• The Global Nuclear Energy Partnership (GNEP) is advocated by the US through which the US and international partners would develop a fuel services programme to supply developing nations with reliable access to nuclear fuel in exchange for a commitment to forego the development of uranium enrichment and plutonium reprocessing technologies.
  • The World Nuclear Association has tabled a report, Ensuring Security of Supply of the International Fuel Cycle representing the position of a 28-member panel of nuclear industry experts, including the world´s four leading uranium enrichment companies.
  • An intergovernmental working group comprised of six countries with commercial enrichment activities has, under U.S. leadership, tabled a proposal to address the assurance of fuel supply issue through a multilateral mechanism.
  • Japan has proposed to establish a system called the "IAEA Standby Arrangements System for the Assurance of Nuclear Fuel Supply" under the auspices of the IAEA, which incorporates both an information system to contribute to the prevention of the occurrence of market failure and the back-up feature for supply assurance proposed in the six-country proposal above.
  • The Nuclear Threat Initiative is proposing to set up a stockpile of low-enriched uranium, under the Agency´s auspices, to serve as a last-resort fuel reserve for countries that have elected not to build a national uranium enrichment programme.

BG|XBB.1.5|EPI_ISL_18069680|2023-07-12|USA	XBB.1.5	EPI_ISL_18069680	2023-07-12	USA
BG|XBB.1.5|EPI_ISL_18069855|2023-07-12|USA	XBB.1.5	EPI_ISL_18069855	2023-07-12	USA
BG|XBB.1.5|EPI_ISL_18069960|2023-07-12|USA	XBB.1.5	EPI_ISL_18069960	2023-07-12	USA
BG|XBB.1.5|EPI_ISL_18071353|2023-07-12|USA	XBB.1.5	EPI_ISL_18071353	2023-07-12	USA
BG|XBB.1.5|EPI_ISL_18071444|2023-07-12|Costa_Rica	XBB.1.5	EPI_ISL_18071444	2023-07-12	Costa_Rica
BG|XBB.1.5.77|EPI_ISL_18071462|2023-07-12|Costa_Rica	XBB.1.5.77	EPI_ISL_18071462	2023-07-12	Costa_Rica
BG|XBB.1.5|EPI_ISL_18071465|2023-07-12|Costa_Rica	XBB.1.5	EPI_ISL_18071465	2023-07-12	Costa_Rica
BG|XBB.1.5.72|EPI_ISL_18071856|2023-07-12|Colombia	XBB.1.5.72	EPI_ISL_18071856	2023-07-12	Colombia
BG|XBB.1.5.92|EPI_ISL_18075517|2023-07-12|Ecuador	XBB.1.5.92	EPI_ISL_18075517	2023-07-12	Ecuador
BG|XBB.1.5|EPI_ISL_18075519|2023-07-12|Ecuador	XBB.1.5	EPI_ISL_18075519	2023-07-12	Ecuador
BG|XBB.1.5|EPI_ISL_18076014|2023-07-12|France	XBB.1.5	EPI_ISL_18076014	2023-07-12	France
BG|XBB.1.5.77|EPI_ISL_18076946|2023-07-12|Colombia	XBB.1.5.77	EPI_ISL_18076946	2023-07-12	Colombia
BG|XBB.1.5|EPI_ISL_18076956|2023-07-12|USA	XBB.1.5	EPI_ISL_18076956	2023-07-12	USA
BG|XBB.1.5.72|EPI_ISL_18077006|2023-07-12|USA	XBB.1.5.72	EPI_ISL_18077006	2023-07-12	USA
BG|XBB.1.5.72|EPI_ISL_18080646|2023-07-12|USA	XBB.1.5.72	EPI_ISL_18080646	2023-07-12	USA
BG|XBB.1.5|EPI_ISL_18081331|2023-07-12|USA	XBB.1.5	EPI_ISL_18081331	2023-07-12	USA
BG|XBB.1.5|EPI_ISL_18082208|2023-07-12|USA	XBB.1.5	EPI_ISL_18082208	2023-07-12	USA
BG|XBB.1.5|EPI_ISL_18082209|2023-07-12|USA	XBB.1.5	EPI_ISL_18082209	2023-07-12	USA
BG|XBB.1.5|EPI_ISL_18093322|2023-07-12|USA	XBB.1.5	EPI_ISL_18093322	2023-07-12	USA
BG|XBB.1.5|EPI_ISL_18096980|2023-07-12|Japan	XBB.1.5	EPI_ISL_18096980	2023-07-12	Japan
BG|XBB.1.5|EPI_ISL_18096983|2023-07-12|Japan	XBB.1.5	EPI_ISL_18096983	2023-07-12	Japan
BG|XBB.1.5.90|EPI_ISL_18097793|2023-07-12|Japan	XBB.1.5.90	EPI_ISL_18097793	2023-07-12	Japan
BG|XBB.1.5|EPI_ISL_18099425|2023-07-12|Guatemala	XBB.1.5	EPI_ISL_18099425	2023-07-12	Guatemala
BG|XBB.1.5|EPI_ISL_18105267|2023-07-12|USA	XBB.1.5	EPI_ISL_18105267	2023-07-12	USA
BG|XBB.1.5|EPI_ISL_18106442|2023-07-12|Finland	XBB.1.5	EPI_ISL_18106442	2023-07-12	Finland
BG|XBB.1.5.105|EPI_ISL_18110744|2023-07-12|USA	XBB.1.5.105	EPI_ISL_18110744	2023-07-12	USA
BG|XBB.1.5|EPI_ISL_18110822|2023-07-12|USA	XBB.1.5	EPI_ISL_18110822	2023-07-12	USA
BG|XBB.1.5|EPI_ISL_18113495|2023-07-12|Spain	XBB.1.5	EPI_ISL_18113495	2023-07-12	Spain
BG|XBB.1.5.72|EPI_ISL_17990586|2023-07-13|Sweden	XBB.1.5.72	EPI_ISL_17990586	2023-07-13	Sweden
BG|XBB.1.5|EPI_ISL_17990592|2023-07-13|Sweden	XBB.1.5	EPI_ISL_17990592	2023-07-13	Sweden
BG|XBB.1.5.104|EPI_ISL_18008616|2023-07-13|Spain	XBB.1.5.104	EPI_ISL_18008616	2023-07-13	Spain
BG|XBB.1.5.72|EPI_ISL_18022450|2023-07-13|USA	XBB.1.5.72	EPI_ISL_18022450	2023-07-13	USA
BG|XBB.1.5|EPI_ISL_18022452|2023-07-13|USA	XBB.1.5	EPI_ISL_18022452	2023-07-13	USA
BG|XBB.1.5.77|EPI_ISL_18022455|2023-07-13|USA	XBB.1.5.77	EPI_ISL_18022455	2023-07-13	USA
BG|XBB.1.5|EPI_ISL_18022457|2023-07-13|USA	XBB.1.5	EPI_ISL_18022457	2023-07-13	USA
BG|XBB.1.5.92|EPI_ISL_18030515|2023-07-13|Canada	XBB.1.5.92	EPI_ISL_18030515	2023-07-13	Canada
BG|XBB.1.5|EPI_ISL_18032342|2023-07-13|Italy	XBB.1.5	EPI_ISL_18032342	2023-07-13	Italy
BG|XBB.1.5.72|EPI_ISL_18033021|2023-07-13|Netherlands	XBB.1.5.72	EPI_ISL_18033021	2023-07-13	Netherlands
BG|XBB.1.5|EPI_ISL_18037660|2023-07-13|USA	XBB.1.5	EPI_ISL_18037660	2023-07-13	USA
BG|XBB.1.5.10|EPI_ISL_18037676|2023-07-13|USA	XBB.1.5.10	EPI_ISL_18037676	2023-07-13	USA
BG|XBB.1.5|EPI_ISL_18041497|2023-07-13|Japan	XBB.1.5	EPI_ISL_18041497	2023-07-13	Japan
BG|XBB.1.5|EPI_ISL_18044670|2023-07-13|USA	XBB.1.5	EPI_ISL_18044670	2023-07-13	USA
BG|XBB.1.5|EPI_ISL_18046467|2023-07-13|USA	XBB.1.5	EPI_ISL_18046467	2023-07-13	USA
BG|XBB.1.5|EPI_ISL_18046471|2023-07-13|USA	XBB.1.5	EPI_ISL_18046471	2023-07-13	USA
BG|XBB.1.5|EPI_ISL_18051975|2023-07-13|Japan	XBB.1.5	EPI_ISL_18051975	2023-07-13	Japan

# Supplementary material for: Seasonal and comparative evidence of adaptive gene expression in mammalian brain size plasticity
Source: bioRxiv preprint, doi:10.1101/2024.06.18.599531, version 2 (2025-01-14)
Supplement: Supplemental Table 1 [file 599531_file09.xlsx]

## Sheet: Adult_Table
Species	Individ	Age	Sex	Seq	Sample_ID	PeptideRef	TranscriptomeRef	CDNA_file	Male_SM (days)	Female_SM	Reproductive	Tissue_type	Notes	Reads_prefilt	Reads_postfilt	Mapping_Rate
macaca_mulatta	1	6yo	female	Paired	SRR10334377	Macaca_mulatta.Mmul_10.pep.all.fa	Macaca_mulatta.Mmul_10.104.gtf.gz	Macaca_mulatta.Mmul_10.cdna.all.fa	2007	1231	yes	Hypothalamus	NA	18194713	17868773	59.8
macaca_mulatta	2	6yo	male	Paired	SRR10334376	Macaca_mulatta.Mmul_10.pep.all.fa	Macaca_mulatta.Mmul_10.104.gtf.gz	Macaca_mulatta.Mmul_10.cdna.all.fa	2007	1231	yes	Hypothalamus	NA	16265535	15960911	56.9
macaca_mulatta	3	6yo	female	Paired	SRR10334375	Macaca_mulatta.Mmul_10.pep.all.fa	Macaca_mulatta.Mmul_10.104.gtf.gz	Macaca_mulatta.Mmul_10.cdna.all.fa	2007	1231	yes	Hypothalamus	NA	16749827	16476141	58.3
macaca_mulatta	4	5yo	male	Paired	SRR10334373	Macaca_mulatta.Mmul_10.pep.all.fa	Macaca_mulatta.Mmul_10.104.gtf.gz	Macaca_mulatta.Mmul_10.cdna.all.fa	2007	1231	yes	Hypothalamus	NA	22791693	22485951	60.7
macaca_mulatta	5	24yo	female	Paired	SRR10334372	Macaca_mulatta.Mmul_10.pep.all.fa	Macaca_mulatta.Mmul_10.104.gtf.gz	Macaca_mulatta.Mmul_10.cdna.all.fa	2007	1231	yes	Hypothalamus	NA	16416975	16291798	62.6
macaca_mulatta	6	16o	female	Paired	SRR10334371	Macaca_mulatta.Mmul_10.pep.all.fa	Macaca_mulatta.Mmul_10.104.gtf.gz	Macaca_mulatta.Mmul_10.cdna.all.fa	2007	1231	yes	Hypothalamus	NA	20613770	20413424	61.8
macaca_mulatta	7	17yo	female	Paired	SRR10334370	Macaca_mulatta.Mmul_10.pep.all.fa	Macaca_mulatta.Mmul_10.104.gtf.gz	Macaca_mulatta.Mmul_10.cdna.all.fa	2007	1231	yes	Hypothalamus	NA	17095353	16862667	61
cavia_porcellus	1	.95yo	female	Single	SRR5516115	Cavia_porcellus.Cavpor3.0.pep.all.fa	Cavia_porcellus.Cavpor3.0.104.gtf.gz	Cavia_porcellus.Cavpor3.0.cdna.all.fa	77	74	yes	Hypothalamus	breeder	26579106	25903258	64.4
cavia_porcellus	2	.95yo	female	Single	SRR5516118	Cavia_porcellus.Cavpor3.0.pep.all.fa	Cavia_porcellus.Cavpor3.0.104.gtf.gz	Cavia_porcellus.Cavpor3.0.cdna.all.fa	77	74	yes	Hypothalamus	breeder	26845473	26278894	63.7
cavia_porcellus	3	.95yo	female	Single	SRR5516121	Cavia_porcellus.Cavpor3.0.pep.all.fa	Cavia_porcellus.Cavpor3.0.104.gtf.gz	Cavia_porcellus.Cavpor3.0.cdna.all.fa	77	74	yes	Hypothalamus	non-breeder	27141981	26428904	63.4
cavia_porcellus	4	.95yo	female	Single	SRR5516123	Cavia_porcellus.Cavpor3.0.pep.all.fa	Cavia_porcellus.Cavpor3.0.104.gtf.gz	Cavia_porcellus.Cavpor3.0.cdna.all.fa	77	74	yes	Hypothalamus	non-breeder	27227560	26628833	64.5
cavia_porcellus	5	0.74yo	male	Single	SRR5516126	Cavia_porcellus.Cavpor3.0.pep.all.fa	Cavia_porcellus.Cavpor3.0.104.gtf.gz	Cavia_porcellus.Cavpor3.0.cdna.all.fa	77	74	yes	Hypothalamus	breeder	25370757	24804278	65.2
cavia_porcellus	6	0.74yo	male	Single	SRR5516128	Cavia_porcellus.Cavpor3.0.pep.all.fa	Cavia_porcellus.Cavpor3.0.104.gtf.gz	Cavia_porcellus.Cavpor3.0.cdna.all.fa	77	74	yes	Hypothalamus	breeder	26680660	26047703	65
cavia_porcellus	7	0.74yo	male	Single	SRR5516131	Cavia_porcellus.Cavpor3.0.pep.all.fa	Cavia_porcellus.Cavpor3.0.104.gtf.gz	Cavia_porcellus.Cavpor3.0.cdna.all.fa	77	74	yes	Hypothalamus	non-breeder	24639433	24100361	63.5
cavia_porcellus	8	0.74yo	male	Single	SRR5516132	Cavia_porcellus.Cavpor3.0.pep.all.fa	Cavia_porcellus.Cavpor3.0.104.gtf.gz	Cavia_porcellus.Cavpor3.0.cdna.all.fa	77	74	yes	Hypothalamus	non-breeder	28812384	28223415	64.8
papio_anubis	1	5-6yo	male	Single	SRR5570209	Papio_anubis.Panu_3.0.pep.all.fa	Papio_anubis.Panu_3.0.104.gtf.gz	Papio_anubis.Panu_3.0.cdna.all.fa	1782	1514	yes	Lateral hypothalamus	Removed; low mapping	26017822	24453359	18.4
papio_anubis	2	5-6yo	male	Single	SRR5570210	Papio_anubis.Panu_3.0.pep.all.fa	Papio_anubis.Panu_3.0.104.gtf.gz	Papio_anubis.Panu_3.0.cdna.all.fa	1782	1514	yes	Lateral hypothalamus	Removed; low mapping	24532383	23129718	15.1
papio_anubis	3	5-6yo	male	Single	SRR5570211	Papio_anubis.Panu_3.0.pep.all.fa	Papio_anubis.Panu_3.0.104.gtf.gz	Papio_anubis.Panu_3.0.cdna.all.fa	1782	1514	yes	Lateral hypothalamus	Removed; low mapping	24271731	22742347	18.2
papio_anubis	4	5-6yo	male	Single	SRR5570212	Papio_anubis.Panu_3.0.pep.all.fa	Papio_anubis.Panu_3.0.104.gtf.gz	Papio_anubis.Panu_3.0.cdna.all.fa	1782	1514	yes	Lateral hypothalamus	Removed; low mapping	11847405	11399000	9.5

Sam Nunn, co-chairman of NTI and former US Senator, will announce the details at the Special Event on Tuesday morning, 19 September. Why action is needed now: Civilian nuclear power is expanding to meet growing demand for electricity as existing supplies of electric power are threatened by soaring prices for natural gas and oil, concerns about air pollution, and the challenge of lowering greenhouse gas emissions. Already, some 30 countries around the world utilize nuclear power; while some 10 countries have mastered the technical challenge of enriching uranium for nuclear fuel. Three additional countries have recently announced plans to consider uranium enrichment in the future. There are 27 new nuclear plants under construction, most in the Far East (principally in China and India). Moreover, many operating power plants are getting old. In countries like Great Britain and France some older nuclear plants are due to be replaced, and France, where over 70 percent of the power is nuclear, is ready to build new plants. Worldwide, nuclear provides about 16 percent of electric power. Much of that technology is "dual use:" centrifuges used to enrich power reactor fuel can also be spun longer to make weapon-grade nuclear material (high-enriched uranium). Special event planners have scheduled two and a half days of discussion, the first for broad brush political statements by ministers and the second reserved for working level experts who will explain the technical issues, with a final day for discussion and recommendations for a "road-map" for further actions. Despite the many layers of complexity, "this is an either/or situation," Tariq Rauf of IAEA, scientific secretary for the special event, said. "If we don´t make it work, then we must prepare to live in a world where dozens of countries have the capability and key ingredients to make nuclear weapons." Related Resources: » IAEA General Conference » Story: IAEA Special Event